-1950’s: Fellowship groups began meeting the needs of young adults, not youth.
-1960’s: Fellowship groups almost became irrelevant (term ‘Youth Ministry’ began).
-Denominations and churches began their ‘own’ plan of youth ministry (the days of the Christian Endeavor Society were over). However, most had core criteria in their youth ministries:
1. view that youth are the church of today, not tomorrow
2. they are part of the church and ‘should’ serve the church wide responsibilities
3. should function in the ‘world’ and within the ‘church’
4. more emphasis on ‘education’ and ‘service’
5. person-centered NOT program-centered

-Today’s youth ministries have not been able to reach a consensus on an overall plan for faith growth. Churches and Youth have a hard time describing their youth group’s theological purpose. Commitment to Christ can and sometimes seems secondary.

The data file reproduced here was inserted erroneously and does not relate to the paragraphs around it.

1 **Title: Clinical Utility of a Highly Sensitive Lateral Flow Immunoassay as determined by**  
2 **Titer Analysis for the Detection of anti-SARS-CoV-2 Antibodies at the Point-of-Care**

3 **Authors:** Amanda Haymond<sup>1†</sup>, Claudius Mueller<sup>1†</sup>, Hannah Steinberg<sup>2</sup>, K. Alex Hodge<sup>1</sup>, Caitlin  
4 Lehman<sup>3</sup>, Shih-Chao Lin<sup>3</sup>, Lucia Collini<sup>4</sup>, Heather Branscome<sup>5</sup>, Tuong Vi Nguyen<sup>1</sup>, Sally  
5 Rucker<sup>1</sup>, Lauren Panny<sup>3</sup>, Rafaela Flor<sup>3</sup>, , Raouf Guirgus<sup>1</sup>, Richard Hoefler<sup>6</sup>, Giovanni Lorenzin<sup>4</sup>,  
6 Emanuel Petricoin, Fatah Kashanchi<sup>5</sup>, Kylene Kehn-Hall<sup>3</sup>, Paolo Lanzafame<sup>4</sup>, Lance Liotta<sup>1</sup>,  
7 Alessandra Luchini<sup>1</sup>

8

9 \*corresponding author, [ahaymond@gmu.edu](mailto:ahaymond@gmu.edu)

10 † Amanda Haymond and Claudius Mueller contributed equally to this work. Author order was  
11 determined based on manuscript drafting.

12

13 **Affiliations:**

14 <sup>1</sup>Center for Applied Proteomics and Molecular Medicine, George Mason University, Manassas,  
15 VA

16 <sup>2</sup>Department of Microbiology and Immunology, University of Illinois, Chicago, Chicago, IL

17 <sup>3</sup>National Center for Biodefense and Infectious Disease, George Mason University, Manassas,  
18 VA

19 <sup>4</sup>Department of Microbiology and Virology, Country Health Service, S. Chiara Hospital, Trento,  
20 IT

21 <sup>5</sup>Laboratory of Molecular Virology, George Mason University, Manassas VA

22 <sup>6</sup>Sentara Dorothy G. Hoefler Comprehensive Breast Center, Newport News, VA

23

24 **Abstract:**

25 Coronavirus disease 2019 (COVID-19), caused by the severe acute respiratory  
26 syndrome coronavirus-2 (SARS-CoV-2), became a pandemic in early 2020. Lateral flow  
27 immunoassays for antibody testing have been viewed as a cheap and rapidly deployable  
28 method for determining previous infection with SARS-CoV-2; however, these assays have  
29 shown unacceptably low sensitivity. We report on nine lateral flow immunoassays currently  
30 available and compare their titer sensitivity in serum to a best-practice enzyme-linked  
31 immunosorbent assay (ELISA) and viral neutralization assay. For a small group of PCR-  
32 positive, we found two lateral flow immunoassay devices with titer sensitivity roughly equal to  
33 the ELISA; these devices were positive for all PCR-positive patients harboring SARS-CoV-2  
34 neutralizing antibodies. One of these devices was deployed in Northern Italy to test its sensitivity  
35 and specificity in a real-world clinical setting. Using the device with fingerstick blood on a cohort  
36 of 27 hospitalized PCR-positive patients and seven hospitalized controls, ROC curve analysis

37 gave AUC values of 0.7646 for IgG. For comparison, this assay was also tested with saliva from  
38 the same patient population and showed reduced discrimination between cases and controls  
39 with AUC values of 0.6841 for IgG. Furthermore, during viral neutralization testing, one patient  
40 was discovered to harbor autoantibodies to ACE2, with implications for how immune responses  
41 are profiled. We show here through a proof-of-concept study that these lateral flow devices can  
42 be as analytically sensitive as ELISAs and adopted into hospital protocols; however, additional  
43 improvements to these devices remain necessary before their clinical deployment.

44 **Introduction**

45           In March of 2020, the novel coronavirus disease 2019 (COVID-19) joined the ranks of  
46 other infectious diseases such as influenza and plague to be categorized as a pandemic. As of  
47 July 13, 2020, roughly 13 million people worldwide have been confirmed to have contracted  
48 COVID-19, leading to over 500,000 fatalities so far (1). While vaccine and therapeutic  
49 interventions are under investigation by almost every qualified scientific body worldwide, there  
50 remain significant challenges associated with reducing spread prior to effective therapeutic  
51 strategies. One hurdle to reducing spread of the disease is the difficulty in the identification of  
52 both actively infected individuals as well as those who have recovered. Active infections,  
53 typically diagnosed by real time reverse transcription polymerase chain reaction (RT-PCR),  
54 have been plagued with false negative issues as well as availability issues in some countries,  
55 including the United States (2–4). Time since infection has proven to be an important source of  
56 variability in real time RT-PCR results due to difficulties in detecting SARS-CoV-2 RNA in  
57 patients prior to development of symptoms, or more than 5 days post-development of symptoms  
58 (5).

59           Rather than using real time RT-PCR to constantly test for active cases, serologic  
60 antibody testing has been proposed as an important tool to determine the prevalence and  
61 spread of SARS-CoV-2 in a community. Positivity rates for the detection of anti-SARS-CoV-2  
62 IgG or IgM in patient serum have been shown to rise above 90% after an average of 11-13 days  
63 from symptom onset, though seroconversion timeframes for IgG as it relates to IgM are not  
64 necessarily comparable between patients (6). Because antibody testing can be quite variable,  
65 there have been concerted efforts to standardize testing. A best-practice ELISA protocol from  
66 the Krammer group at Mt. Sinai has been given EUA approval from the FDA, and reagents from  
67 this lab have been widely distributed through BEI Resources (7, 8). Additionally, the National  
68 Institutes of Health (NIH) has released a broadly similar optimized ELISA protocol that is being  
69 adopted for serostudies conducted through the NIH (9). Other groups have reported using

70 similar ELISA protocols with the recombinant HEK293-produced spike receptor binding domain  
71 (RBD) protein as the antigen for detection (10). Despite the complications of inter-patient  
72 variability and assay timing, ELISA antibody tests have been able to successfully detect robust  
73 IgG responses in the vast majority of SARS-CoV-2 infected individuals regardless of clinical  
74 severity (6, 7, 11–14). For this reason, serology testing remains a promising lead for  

-As a result, groups copy methods ‘they’ admire: Youth for Christ, Young Life, Saddleback, Willow Creek, or the new fad of the year (Skate Ministry, Cell Groups, YS book of the month, and/or the like).
-Some emphasis spiritual disciplines, discipleship, fun and games, big events, service, etc., which is ideal in the consumerist world of which we are a part.

1. Where do you see the progression of youth ministry going?
2. 5 or 10 years from now (2010-2015), what does youth ministry look like?
3. Would a “Christian Endeavor Society” driven youth ministry make it in today’s youth ministry culture of influenced by the Saddleback’s/Willow Creek’s and Youth Specialties?